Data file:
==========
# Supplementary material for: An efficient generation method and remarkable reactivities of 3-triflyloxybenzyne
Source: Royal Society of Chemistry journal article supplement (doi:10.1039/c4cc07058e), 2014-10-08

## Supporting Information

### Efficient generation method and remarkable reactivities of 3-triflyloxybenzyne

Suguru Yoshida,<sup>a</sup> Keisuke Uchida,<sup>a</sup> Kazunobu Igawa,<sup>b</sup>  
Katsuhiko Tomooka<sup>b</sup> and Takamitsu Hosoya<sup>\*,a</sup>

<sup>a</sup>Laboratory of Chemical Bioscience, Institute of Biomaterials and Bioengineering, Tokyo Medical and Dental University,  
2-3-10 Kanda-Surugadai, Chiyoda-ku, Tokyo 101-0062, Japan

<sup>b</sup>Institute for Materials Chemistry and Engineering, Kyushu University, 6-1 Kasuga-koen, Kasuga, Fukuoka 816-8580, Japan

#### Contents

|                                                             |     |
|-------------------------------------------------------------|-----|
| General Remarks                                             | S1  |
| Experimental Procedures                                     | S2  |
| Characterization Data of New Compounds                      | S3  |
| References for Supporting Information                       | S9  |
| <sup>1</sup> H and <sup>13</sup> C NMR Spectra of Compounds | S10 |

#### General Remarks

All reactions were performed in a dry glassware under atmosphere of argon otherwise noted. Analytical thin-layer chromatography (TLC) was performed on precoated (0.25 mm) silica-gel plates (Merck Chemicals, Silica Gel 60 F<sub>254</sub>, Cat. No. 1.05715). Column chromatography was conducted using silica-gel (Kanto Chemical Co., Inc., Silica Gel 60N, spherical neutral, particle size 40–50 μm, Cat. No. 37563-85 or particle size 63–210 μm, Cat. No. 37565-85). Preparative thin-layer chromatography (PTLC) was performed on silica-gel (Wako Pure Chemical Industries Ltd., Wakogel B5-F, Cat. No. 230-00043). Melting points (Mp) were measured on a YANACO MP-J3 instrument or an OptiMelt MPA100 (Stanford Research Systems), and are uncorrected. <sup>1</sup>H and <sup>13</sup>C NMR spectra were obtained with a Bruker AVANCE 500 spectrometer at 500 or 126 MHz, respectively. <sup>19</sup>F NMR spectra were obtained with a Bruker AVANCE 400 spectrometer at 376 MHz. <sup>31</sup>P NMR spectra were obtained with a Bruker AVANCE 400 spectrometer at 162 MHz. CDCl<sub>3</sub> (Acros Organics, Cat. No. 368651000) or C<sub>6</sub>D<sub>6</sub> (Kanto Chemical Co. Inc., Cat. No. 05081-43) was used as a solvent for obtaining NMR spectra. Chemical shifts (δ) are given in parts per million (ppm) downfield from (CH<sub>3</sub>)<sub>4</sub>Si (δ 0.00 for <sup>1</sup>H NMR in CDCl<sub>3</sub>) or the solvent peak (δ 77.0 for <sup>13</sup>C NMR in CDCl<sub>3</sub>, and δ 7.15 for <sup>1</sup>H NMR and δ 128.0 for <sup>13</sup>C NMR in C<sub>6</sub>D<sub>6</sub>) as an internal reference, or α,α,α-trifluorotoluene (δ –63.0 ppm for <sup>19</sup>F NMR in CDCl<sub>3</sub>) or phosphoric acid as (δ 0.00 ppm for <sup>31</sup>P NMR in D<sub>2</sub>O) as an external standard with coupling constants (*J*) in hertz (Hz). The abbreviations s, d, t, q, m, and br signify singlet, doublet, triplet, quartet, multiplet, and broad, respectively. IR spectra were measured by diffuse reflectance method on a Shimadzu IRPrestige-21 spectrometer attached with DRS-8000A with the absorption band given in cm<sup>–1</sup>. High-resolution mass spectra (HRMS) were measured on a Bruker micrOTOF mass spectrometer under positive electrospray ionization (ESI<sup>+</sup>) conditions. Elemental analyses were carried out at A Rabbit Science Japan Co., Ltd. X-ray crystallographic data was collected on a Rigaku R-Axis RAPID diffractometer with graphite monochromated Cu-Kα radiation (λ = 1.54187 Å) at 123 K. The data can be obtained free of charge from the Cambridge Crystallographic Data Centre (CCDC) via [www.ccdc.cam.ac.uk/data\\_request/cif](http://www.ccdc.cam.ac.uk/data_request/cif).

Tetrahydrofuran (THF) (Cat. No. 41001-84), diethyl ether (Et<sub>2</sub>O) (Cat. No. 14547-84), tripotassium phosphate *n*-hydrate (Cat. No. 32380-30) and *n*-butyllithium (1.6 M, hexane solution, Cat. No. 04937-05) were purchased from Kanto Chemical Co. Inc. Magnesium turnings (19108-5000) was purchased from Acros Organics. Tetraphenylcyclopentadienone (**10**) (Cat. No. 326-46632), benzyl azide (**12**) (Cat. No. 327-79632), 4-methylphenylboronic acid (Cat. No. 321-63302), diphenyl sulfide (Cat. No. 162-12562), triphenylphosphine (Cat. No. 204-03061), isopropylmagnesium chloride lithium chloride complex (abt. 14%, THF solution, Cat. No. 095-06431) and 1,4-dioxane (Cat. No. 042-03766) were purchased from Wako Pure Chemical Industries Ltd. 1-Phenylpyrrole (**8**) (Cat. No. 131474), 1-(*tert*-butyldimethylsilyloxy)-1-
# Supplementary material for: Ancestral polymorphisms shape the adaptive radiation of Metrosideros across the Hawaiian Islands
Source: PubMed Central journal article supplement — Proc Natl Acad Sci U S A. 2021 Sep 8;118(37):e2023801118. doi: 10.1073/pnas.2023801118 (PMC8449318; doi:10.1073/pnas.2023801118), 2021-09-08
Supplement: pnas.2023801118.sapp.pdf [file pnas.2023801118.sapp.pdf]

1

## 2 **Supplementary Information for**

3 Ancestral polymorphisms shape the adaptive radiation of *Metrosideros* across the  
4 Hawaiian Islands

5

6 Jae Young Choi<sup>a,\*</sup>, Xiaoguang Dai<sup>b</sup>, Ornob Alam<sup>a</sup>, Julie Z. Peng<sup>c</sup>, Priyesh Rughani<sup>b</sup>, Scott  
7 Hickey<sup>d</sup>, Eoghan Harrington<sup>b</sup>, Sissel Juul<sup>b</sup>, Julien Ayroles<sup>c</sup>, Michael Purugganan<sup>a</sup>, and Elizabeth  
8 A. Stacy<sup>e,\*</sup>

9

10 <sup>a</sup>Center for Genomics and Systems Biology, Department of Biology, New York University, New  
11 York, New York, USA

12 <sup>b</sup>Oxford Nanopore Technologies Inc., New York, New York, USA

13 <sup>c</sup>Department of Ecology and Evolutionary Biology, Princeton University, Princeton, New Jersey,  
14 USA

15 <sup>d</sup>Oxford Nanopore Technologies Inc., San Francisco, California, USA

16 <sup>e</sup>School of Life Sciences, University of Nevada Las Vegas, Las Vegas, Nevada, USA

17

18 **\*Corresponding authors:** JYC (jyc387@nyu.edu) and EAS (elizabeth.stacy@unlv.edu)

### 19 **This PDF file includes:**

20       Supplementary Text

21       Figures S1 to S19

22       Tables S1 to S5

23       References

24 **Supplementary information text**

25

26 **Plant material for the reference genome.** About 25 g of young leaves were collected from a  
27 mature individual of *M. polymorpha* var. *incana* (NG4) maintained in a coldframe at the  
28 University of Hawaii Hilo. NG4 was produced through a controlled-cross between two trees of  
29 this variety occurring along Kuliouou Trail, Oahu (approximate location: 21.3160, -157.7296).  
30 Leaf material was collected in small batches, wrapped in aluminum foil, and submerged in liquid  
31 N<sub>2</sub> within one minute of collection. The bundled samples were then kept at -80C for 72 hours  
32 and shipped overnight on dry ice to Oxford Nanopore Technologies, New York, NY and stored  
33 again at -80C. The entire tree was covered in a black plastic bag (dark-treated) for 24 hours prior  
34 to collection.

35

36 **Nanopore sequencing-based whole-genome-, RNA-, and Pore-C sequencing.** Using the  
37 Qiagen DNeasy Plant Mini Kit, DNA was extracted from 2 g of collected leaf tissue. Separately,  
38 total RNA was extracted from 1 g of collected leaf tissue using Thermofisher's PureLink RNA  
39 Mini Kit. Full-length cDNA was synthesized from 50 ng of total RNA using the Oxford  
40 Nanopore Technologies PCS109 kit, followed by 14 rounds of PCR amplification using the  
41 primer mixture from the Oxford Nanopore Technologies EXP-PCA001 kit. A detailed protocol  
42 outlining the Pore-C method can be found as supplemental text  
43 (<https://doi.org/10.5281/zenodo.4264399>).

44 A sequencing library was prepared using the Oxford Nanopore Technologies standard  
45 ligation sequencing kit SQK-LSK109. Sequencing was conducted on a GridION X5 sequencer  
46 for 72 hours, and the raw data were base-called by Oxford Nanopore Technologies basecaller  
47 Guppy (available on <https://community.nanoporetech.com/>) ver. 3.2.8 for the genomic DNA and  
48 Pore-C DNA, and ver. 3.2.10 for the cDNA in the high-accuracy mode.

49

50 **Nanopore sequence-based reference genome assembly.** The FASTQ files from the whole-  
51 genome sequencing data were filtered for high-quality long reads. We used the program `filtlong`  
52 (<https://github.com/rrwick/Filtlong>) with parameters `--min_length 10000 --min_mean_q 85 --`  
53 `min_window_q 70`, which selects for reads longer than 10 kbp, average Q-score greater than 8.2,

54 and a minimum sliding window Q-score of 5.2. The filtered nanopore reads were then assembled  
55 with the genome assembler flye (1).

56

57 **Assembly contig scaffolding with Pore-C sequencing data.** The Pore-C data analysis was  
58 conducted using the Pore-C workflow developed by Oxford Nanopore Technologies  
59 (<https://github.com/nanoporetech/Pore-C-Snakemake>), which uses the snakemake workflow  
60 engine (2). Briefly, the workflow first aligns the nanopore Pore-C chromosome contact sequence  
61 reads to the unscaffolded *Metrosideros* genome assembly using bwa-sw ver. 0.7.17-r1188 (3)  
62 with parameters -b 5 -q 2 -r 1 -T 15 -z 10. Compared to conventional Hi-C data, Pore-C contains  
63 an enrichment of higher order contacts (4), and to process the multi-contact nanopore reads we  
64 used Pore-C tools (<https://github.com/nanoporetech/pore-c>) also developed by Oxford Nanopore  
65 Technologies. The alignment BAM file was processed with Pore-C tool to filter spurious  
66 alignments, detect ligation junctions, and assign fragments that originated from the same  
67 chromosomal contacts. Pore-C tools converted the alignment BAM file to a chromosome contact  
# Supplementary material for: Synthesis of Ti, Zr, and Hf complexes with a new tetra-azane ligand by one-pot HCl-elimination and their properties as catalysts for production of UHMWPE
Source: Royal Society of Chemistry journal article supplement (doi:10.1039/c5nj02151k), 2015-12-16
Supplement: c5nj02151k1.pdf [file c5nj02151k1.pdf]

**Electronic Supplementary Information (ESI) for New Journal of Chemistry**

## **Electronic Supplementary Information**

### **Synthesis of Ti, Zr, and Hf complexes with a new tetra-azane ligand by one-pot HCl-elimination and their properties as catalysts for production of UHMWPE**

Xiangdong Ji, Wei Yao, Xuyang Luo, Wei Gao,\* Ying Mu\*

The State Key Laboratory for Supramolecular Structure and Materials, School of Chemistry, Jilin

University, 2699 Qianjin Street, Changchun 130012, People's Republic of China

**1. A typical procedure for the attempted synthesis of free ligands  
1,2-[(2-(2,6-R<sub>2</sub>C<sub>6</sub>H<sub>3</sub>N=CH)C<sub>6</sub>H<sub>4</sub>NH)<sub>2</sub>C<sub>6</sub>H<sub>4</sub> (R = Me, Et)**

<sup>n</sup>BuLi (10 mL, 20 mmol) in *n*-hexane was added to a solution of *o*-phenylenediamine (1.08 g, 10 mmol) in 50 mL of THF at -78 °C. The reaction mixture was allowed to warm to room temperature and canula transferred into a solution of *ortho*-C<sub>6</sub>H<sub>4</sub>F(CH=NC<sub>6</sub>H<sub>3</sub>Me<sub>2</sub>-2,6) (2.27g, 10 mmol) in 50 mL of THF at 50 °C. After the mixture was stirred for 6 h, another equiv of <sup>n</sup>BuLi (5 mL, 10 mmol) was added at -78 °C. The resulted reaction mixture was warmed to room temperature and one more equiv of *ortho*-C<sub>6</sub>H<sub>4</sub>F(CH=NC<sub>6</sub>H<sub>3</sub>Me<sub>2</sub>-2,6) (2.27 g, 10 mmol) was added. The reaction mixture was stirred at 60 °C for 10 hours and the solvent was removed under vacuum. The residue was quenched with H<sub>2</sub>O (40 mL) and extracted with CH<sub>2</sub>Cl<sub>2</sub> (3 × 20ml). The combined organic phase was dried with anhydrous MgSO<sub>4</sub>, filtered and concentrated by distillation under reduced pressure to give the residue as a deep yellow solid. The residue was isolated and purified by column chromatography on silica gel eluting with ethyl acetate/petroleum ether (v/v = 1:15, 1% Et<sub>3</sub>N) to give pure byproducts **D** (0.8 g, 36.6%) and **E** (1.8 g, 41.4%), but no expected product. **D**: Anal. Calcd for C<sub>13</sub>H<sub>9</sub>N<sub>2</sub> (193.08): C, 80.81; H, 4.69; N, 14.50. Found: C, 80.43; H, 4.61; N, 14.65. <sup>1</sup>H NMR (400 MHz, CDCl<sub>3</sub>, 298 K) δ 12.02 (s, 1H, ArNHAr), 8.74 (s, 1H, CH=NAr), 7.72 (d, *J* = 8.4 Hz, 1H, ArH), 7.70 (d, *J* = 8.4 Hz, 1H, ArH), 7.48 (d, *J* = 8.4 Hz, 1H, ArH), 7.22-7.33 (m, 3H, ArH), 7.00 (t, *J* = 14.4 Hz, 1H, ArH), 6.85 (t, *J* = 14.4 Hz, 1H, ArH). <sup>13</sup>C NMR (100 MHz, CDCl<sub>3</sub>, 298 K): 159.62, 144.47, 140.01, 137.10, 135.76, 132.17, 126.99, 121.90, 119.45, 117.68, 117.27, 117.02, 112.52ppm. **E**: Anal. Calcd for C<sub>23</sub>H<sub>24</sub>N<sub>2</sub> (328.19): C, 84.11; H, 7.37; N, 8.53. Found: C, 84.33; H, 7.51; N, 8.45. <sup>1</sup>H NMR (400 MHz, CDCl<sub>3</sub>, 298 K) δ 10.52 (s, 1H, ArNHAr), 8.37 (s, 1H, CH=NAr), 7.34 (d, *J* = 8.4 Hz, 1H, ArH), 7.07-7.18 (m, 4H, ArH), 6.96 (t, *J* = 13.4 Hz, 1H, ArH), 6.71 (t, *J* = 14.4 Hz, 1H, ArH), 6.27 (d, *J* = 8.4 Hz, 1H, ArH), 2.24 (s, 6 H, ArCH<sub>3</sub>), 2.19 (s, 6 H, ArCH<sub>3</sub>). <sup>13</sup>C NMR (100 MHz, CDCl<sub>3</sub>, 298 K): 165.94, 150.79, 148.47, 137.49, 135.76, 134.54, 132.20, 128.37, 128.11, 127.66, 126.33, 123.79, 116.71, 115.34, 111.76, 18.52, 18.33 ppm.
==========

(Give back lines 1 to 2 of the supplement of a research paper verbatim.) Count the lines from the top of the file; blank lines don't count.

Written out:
# Supplementary material for: An efficient generation method and remarkable reactivities of 3-triflyloxybenzyne
Source: Royal Society of Chemistry journal article supplement (doi:10.1039/c4cc07058e), 2014-10-08